NEW DELHI (Reuters) - Thousands of Muslims in India have signed up to defend Iraq’s holy shrines and, if need be, fight Sunni Islamist militants in the country where the civilian death toll from the Sunni insurgents’ advance is estimated at least 1,300.
Denouncing the militants of the Islamic State in Iraq and the Levant (ISIL) as terrorists, these Indian Muslims have filled out forms, complete with passport-size photographs and photocopied identification documents, to travel to Iraq.
Leaders of Anjuman E. Haideri, the religious organisation spearheading the effort, said they might march to the Iraqi embassy in New Delhi on Friday to deliver the forms.
A Shia cleric is leading the effort and the volunteers want to protect shrines venerated by the sect in Iraq, but the group’s leaders say their cause is not sectarian.
Already at the group’s headquarters located off Karbala Road in a leafy New Delhi neighbourhood, picket signs of “It’s not Shias vs Sunnis (it’s) Iraqis vs Terrorists” have been prepared.
“They aren’t Muslims. Jihad means to defend. Jihad doesn’t mean to kill,” said Syed Bilal Hussain Abidi, a senior member of the group as he showed graphic footage on his cellphone of beheadings and bombs exploding in Iraq.
“We could travel to Iraq to form a human chain to save people from being tortured. We could fetch water and donate blood and do anything to save our shrines,” he said, surrounded by brightly coloured files stacked with volunteers’ forms.
Even though Muslims are a minority accounting for only 15 percent of Indians, they still number about 175 million, making them the third-largest Muslim population in the world.
Whether the volunteers will be granted visas and allowed to travel to Iraq is not clear. Officials at the Iraqi embassy were not immediately available to comment.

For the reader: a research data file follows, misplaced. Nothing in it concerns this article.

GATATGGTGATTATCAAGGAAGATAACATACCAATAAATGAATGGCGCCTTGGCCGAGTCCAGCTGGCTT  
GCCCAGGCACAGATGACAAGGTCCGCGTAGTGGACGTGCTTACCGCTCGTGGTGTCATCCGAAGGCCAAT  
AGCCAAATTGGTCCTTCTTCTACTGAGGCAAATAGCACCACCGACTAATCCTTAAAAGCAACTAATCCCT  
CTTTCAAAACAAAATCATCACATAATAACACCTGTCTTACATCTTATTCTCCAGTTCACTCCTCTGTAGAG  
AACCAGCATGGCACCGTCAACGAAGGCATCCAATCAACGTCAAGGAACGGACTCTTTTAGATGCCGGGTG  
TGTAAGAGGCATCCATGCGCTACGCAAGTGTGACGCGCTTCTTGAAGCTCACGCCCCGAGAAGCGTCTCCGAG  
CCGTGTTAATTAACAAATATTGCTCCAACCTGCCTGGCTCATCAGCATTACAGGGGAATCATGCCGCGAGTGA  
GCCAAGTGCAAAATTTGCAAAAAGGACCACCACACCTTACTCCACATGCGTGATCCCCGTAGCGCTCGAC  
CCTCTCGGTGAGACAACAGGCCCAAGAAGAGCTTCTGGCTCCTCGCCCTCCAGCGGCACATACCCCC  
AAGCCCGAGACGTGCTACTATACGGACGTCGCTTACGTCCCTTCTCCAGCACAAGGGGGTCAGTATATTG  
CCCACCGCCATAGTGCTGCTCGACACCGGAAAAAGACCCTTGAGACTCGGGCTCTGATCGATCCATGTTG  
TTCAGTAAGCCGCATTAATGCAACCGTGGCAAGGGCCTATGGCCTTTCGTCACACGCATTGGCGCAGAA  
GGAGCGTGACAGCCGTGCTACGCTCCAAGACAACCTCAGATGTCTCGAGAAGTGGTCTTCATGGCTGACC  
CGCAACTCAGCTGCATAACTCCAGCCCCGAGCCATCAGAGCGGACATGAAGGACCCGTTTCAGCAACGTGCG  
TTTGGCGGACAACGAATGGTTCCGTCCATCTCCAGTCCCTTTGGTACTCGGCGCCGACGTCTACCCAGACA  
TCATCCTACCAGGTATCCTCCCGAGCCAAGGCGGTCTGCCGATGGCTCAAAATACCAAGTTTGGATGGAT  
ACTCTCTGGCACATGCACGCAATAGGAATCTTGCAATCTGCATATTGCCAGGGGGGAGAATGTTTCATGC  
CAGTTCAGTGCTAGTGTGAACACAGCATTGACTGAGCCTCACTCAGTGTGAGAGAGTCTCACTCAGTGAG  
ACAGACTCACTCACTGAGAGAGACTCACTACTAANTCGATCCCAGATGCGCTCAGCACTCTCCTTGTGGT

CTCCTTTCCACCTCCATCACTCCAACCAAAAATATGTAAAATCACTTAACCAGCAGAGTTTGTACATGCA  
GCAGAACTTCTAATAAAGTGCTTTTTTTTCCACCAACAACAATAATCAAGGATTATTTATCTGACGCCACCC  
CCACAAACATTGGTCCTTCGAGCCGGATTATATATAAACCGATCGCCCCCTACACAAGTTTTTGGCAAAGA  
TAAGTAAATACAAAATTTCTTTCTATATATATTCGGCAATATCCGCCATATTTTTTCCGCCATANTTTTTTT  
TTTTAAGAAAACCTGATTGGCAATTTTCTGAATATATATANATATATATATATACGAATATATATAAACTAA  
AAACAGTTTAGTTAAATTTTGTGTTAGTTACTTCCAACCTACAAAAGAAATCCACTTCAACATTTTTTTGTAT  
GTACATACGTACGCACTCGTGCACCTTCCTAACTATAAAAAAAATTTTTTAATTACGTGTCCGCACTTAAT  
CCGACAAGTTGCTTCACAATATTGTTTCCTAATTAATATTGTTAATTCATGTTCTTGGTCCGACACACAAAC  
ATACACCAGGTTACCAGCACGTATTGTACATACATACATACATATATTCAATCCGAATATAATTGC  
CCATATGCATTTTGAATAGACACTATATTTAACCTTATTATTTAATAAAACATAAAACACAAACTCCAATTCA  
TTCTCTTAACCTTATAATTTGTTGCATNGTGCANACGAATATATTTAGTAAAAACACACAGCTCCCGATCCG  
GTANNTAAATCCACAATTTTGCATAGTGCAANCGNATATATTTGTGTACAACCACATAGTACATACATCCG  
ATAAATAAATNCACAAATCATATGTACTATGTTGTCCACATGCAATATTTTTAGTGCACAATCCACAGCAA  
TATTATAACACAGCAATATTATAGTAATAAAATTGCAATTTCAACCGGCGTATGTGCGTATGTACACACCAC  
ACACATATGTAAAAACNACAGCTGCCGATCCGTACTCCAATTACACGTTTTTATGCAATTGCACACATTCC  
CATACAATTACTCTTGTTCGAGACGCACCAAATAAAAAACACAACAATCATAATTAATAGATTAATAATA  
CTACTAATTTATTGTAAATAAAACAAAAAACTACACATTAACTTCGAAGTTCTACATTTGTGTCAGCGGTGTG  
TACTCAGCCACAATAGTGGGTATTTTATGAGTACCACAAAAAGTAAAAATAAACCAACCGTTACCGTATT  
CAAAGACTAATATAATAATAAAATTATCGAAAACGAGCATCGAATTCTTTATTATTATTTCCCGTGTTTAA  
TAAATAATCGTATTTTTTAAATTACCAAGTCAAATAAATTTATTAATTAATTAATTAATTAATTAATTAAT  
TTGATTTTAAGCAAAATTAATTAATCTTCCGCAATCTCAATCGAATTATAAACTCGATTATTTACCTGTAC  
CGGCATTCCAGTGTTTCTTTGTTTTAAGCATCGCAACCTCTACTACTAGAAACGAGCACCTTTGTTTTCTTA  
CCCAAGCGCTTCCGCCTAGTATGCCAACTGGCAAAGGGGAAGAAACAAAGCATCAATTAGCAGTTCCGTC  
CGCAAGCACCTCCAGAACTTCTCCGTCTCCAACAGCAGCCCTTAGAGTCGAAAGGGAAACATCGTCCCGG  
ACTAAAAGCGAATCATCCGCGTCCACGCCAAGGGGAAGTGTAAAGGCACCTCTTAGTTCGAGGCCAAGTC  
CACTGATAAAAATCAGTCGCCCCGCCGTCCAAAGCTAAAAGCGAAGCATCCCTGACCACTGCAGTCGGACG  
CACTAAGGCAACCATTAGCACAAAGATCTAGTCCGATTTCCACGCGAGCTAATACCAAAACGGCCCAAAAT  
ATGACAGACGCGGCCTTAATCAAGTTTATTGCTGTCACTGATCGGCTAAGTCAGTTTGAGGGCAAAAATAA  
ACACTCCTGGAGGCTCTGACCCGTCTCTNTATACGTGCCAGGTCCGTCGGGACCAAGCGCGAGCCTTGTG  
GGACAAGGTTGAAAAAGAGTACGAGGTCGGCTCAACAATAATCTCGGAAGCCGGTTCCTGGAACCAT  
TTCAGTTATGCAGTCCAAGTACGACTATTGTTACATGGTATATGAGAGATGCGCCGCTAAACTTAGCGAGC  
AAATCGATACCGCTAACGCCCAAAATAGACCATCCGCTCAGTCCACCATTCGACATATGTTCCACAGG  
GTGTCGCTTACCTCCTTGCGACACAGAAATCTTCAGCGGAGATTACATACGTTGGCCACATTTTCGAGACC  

India’s foreign ministry has said it will not allow Indians to go to Iraq because of the security situation in a country where 40 Indian hostages are being held in an undisclosed location and 46 Indian nurses are stranded in Tikrit hospitals.
But Syed Bahadur Abbas Naqvi, the group’s general secretary, said that since the Indian government does not plan to send forces to Iraq, the supporters have little choice but to head over there themselves.
So far, the volunteers, who range from engineers to students and police officers, have signed a form that says: “I firmly believe that terrorism of all kinds including the one which is being inflicted by known terror groups in Iraq is not only a serious threat to innocent Iraqis (irrespective of their religious beliefs) but is also a threat to the entire humanity.”
The group said it has 100,000 signatories from across India and has held several demonstrations “against terrorism” in Delhi and other cities.
The group wants to defend shrines spread across Iraq in the cities of Karbala, Najaf, Samarra and Kirkuk, but also stem the rise of crude oil prices that have shot up as a result of the crisis and could hit importer India hard.
“If they need help, we’re ready from Hindustan,” said Dilawar Abbas, a group member, using another name for India. If the ISIL is in Iraq right now, “tomorrow they can be in India.”
Editing by John Chalmers and Nick Macfie